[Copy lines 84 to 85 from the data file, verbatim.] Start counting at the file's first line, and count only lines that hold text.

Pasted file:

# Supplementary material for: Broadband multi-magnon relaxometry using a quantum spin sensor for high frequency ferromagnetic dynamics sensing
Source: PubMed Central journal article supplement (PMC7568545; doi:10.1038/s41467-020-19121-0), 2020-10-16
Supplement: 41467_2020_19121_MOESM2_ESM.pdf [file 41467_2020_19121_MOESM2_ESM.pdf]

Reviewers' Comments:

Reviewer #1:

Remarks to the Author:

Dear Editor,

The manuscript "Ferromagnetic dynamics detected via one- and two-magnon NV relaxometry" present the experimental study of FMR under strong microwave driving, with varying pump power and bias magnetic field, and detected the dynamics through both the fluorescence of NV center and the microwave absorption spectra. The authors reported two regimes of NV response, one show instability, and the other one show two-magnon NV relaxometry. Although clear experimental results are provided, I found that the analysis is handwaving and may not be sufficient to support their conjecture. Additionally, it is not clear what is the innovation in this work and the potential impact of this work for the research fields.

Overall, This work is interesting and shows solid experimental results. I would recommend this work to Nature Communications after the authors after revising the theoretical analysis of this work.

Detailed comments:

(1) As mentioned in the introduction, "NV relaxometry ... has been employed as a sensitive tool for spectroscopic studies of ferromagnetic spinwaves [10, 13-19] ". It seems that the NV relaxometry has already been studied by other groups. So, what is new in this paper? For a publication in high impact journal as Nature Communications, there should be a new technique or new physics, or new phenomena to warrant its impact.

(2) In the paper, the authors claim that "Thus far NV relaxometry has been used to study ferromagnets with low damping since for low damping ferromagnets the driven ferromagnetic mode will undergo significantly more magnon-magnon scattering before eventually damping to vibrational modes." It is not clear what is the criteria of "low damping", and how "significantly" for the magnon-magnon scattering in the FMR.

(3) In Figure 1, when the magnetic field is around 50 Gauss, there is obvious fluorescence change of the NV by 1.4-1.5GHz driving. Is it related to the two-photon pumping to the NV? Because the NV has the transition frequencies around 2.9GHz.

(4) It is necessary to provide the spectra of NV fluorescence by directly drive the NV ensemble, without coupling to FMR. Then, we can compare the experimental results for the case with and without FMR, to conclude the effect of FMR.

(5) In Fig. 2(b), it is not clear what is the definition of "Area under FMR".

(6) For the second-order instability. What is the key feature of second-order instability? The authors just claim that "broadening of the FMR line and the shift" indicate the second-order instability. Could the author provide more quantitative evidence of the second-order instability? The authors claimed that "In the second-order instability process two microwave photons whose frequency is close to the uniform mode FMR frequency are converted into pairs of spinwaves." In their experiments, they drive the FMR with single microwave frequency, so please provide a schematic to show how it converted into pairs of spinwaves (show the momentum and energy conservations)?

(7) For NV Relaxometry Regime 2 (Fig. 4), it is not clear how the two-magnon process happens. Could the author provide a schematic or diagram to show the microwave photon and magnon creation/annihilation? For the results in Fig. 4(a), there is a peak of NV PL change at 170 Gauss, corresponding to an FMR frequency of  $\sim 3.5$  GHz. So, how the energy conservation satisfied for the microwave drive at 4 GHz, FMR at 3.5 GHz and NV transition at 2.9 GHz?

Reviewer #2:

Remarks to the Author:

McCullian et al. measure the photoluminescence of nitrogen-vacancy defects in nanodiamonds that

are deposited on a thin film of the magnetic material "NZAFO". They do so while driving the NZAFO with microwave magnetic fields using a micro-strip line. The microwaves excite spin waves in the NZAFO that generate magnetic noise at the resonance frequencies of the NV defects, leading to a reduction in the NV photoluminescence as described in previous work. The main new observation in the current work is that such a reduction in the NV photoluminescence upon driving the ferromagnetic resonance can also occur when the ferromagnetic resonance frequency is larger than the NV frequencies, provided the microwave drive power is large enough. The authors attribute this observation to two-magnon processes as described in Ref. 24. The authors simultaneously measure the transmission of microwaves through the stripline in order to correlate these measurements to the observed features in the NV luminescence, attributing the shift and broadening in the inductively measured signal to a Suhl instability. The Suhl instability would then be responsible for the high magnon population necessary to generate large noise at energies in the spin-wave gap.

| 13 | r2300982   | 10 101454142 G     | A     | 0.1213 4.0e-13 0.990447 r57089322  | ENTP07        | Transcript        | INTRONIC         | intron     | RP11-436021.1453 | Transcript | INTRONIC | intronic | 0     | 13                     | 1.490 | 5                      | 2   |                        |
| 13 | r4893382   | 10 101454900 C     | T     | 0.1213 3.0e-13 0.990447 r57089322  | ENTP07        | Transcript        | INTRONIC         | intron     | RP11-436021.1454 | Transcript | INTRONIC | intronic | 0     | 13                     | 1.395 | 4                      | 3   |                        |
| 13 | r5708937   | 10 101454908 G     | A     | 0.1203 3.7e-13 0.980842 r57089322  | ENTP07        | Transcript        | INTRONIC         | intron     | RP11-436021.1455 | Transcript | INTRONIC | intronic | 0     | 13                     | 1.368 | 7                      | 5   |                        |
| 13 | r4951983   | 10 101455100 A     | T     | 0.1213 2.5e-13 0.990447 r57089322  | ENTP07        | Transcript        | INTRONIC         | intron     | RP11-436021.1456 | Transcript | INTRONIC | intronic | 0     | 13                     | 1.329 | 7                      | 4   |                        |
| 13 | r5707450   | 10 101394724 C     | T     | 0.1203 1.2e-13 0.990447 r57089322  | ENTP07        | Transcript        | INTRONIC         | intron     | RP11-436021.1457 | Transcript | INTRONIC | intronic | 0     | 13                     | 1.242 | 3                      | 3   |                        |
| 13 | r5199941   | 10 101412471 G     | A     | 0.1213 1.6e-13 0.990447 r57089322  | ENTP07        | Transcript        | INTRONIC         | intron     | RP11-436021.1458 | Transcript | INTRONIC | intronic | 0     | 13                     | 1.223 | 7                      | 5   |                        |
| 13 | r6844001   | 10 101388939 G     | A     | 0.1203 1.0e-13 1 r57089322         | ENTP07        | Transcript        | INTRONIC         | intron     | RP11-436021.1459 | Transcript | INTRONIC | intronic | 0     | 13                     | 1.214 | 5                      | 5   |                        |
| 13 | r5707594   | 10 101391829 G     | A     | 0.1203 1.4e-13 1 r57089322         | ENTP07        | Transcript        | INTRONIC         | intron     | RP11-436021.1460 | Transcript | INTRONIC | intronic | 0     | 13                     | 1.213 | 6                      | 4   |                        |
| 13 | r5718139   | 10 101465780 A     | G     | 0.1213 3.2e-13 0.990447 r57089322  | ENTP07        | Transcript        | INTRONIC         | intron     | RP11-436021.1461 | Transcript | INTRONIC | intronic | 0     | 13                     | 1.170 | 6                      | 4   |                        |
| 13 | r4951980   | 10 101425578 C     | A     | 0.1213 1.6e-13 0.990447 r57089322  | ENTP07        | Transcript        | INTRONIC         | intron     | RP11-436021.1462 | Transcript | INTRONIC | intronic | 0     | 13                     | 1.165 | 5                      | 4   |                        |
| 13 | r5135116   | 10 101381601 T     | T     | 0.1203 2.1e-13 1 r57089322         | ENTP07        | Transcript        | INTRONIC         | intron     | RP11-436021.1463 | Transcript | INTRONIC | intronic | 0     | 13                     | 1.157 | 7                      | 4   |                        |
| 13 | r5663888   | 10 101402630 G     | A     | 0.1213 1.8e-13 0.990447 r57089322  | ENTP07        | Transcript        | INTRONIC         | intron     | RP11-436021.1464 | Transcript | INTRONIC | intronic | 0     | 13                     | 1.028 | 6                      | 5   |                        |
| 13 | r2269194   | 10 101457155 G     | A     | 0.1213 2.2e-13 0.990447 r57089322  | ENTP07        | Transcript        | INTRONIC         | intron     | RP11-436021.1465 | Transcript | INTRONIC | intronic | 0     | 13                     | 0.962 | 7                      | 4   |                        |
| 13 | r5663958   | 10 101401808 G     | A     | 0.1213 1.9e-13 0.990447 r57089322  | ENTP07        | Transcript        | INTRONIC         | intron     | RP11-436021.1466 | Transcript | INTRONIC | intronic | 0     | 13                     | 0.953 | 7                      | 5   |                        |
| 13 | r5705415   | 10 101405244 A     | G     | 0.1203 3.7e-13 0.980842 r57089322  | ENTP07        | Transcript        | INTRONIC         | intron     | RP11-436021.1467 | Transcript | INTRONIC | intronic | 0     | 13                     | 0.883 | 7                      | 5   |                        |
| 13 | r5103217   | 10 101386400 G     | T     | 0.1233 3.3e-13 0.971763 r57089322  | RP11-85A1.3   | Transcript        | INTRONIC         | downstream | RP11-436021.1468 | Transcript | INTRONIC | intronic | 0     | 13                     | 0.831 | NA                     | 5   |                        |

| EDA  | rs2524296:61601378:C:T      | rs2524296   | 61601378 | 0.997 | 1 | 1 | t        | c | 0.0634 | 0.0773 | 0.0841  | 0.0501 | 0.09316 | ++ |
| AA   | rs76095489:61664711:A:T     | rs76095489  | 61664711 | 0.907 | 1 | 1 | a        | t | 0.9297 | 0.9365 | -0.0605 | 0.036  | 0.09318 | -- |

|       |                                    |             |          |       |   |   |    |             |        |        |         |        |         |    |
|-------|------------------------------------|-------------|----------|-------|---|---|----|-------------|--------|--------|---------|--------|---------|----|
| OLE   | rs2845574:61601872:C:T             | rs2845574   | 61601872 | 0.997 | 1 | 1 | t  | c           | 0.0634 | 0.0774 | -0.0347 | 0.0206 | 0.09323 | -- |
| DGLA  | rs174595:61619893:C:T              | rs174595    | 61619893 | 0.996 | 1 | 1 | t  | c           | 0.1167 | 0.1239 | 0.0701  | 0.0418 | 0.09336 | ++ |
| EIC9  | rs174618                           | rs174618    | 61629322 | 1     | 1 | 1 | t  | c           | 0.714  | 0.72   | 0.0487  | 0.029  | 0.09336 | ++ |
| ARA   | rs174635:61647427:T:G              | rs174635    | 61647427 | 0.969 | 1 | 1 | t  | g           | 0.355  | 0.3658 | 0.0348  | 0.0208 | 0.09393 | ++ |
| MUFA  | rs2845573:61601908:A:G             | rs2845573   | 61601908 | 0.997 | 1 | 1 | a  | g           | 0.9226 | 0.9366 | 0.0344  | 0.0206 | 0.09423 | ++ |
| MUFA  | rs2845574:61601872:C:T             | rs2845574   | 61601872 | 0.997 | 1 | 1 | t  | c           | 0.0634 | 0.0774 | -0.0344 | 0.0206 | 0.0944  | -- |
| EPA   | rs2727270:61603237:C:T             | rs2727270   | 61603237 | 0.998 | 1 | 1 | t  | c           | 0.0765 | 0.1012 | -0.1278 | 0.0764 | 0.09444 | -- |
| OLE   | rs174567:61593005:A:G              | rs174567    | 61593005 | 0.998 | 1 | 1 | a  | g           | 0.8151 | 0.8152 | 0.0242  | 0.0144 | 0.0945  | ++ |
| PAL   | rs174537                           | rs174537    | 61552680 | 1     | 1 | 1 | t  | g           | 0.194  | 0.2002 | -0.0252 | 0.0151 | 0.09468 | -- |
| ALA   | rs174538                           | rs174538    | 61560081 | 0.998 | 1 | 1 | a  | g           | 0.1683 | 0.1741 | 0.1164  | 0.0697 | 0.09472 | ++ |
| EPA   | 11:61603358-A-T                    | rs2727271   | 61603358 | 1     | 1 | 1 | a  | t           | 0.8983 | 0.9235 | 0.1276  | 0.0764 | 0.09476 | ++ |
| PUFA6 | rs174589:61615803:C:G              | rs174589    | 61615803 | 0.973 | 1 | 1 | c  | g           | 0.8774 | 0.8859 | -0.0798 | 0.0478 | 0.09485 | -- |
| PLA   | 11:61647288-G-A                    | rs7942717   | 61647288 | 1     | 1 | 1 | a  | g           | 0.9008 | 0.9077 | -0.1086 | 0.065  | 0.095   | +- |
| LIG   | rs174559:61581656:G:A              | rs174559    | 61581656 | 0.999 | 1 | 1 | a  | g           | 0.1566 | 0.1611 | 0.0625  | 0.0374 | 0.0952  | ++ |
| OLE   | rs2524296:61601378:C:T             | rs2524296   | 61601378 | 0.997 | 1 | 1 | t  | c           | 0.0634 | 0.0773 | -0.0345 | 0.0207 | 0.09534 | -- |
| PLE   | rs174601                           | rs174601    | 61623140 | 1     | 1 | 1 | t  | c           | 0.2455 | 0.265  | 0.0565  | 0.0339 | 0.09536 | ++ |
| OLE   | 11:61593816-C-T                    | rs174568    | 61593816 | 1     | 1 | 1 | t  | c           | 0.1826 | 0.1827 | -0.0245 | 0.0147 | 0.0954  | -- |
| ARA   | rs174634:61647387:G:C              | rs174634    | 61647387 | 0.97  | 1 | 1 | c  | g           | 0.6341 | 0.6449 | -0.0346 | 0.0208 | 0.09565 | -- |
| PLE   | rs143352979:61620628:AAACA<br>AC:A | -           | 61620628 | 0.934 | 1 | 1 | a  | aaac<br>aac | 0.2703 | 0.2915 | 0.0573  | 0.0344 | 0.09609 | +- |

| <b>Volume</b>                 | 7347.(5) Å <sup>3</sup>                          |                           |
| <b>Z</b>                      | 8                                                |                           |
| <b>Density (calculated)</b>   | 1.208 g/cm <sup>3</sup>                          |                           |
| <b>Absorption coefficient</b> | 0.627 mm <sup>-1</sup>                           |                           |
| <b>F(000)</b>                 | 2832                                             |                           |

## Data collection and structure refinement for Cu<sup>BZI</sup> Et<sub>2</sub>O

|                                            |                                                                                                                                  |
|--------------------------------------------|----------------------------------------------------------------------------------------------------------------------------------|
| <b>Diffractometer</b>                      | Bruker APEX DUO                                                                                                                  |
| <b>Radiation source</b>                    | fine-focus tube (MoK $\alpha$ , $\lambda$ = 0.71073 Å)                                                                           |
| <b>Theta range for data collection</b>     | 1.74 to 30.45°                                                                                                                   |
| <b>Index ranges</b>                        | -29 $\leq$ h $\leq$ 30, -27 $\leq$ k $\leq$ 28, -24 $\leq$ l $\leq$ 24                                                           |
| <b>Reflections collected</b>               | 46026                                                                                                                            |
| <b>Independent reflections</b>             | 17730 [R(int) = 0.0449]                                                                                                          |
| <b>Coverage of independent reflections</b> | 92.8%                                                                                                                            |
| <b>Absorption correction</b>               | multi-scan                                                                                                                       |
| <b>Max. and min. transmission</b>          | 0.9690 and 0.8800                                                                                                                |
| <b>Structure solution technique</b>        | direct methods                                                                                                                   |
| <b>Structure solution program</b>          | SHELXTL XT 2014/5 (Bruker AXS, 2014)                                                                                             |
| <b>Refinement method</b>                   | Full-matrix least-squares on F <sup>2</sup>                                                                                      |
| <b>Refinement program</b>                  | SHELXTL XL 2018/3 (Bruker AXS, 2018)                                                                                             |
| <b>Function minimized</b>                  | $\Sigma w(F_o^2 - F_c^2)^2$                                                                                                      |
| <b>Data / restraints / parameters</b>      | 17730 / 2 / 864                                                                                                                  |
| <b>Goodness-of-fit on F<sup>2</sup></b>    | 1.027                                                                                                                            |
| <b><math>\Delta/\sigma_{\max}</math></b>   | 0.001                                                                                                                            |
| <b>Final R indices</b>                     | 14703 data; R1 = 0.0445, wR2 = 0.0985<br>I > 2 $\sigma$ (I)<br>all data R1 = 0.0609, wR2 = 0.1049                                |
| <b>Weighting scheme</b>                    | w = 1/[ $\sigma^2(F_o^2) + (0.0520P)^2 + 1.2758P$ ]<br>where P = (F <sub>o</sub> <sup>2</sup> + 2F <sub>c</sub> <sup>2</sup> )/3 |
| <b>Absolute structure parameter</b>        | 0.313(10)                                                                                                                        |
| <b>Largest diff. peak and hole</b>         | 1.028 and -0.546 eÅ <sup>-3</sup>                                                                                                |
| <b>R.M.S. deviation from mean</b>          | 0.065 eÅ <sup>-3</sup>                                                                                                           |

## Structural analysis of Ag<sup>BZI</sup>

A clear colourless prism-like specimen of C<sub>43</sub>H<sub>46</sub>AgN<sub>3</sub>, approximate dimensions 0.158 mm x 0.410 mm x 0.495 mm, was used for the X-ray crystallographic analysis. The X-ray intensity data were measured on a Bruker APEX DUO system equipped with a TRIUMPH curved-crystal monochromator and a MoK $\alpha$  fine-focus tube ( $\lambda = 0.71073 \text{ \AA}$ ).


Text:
| <b>Goodness-of-fit on F<sup>2</sup></b>    | 1.027                                                                                                                            |
| <b><math>\Delta/\sigma_{\max}</math></b>   | 0.001                                                                                                                            |